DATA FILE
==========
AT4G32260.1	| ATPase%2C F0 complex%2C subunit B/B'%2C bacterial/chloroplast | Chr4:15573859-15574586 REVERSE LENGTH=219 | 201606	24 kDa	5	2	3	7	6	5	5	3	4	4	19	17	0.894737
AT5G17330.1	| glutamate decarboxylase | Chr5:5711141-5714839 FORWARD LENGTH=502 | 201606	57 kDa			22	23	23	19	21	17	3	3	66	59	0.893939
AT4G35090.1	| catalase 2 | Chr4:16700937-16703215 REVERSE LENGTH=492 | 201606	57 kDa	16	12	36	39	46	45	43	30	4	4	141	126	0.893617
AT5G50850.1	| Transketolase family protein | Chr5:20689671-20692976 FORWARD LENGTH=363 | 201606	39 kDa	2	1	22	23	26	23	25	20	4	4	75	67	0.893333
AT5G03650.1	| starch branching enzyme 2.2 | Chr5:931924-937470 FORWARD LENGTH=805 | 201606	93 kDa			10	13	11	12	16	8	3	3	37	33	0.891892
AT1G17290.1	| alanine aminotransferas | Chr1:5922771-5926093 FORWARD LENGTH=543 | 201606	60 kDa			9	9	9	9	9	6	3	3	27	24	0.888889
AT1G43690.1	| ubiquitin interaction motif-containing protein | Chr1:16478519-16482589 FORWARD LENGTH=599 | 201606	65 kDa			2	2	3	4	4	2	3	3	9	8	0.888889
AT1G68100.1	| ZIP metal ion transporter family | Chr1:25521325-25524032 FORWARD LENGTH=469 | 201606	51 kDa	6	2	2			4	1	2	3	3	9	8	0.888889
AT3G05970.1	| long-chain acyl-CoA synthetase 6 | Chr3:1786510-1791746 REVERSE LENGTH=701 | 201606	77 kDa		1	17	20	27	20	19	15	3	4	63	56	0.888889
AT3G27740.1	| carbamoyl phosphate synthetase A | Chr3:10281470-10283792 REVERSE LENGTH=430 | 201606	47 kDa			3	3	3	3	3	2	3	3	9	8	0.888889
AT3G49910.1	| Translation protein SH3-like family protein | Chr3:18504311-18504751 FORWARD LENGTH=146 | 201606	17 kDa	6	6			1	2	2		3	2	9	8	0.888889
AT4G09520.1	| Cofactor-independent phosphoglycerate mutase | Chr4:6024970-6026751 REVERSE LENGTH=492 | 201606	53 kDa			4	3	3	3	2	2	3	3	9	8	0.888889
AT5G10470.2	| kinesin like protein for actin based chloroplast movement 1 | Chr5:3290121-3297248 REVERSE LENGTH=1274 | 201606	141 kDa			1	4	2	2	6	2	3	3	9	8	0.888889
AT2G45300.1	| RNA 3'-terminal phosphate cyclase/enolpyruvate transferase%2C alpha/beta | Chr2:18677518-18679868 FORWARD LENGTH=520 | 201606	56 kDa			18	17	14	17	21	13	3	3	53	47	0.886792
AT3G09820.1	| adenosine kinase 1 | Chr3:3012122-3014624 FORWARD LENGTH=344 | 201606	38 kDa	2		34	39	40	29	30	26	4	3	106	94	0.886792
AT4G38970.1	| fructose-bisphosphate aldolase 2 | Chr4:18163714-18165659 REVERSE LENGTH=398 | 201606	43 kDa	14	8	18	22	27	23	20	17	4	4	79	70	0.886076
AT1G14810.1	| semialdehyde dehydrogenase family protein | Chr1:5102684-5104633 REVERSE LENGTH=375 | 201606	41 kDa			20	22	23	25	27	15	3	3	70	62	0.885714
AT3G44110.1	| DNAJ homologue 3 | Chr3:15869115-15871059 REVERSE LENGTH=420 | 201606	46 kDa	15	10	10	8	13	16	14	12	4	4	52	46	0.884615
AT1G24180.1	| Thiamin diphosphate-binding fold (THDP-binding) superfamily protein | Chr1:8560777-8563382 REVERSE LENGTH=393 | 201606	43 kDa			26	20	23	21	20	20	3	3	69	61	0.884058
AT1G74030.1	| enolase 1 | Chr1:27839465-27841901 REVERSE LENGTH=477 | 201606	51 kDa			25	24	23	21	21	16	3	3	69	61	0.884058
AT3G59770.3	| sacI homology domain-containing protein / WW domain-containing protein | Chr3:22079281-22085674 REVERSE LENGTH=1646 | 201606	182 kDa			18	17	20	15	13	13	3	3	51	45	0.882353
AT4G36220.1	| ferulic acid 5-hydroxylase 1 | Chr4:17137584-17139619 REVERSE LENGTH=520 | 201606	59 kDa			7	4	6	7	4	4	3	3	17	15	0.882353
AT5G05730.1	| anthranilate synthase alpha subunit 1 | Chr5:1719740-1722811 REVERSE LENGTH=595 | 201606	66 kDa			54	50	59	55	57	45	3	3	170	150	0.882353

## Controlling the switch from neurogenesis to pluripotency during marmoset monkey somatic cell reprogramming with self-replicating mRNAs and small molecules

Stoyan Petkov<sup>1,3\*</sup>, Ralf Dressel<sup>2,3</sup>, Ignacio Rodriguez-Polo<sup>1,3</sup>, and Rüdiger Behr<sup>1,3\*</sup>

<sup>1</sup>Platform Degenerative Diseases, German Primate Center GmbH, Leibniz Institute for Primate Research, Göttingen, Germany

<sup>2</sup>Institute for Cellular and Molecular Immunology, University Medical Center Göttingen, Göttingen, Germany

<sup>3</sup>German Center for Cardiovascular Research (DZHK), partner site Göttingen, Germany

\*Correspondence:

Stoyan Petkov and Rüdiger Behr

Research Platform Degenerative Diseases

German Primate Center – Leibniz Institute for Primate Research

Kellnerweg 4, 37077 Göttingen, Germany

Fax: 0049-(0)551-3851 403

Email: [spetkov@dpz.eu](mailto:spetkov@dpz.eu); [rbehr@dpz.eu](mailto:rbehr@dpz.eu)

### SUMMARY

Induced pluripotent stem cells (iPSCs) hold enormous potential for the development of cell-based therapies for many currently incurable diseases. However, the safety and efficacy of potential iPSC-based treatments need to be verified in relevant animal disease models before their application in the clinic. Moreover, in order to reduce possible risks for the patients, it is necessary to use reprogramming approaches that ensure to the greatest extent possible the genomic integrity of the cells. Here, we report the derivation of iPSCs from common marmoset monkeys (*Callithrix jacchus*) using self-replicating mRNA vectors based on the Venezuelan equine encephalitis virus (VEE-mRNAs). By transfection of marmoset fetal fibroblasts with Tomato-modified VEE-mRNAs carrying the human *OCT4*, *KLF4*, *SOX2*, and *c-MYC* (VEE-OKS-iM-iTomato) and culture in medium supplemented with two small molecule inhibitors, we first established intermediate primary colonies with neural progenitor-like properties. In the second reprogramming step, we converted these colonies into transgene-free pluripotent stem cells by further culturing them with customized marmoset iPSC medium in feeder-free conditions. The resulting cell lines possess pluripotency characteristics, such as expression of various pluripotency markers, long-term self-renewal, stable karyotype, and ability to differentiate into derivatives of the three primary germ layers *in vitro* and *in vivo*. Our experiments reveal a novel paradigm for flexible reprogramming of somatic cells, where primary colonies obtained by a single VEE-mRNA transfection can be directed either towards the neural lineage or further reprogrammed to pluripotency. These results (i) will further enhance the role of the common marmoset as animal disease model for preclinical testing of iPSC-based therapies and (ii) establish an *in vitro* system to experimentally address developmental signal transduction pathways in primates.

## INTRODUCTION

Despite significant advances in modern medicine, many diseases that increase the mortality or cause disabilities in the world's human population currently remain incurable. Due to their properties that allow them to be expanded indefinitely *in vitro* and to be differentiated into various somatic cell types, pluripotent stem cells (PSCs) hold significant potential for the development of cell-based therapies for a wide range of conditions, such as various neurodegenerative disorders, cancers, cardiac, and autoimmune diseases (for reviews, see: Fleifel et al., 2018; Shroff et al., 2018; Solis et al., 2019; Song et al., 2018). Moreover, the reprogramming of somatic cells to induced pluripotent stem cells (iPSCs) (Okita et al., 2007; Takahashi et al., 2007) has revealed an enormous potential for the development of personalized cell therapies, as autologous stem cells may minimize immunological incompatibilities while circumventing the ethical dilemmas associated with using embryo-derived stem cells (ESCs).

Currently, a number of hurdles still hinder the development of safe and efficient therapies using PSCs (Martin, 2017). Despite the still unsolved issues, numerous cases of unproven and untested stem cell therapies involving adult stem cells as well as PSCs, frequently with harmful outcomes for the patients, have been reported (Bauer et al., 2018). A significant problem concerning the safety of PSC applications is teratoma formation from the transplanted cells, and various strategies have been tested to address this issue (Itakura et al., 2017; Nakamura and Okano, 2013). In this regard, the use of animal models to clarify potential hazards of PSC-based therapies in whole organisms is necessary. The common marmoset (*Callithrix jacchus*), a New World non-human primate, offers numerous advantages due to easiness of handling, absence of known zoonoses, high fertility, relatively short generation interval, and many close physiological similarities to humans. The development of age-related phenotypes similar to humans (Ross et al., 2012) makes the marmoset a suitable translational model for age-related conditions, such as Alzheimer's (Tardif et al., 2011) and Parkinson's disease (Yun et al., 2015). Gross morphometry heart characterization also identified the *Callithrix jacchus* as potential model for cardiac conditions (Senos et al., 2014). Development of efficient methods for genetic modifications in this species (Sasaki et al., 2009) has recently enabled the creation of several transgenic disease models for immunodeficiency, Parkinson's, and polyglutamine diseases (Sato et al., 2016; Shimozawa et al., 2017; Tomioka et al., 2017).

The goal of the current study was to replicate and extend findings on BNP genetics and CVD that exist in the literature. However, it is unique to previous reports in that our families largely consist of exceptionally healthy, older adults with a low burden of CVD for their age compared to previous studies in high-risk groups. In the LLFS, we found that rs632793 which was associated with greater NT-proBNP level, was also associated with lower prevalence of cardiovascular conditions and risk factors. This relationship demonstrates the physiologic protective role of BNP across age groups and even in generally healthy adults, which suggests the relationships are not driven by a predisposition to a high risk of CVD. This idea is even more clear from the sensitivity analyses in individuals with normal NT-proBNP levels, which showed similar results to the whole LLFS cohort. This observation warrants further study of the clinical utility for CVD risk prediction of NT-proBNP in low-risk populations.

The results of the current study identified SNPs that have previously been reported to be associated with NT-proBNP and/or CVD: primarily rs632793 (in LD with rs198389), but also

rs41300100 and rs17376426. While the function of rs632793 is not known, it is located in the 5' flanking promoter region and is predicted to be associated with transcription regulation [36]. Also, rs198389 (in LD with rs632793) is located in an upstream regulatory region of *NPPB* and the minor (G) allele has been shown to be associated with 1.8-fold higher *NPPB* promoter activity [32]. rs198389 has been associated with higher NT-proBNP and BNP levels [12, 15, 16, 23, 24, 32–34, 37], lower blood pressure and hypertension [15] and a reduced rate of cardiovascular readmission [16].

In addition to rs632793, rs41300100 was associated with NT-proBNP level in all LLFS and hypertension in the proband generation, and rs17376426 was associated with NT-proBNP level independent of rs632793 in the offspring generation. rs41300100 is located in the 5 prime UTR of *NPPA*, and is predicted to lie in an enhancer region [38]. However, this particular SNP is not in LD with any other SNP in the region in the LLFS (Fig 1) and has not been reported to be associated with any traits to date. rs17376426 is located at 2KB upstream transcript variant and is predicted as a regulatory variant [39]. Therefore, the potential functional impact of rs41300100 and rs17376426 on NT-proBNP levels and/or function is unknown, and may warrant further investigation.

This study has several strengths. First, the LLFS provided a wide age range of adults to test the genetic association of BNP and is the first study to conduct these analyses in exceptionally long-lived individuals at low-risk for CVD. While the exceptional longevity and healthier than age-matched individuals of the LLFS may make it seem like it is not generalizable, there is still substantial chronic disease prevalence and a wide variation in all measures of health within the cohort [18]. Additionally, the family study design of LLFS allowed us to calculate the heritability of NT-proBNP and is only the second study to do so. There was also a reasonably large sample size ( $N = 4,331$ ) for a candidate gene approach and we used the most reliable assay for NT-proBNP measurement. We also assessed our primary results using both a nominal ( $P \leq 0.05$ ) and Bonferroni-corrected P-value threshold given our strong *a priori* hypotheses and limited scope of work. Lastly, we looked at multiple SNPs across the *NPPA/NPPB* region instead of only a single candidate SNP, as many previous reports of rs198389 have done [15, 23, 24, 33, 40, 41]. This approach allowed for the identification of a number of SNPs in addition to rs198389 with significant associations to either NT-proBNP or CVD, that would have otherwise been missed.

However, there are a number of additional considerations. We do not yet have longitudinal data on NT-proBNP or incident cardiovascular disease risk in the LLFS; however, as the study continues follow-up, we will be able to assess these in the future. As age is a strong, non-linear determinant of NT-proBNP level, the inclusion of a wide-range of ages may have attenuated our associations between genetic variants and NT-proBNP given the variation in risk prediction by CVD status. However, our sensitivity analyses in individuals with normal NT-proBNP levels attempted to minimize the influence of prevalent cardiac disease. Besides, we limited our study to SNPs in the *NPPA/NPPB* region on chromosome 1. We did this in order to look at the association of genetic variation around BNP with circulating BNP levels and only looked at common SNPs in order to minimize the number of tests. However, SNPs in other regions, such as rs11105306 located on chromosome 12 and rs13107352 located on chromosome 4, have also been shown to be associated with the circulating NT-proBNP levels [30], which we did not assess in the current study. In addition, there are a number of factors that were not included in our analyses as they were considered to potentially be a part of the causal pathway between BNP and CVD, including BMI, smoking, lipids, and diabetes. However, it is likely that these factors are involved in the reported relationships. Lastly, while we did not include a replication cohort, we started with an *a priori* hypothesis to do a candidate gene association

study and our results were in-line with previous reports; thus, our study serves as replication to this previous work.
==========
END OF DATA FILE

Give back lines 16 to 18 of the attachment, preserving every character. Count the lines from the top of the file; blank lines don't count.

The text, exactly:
AT4G38970.1	| fructose-bisphosphate aldolase 2 | Chr4:18163714-18165659 REVERSE LENGTH=398 | 201606	43 kDa	14	8	18	22	27	23	20	17	4	4	79	70	0.886076
AT1G14810.1	| semialdehyde dehydrogenase family protein | Chr1:5102684-5104633 REVERSE LENGTH=375 | 201606	41 kDa			20	22	23	25	27	15	3	3	70	62	0.885714
AT3G44110.1	| DNAJ homologue 3 | Chr3:15869115-15871059 REVERSE LENGTH=420 | 201606	46 kDa	15	10	10	8	13	16	14	12	4	4	52	46	0.884615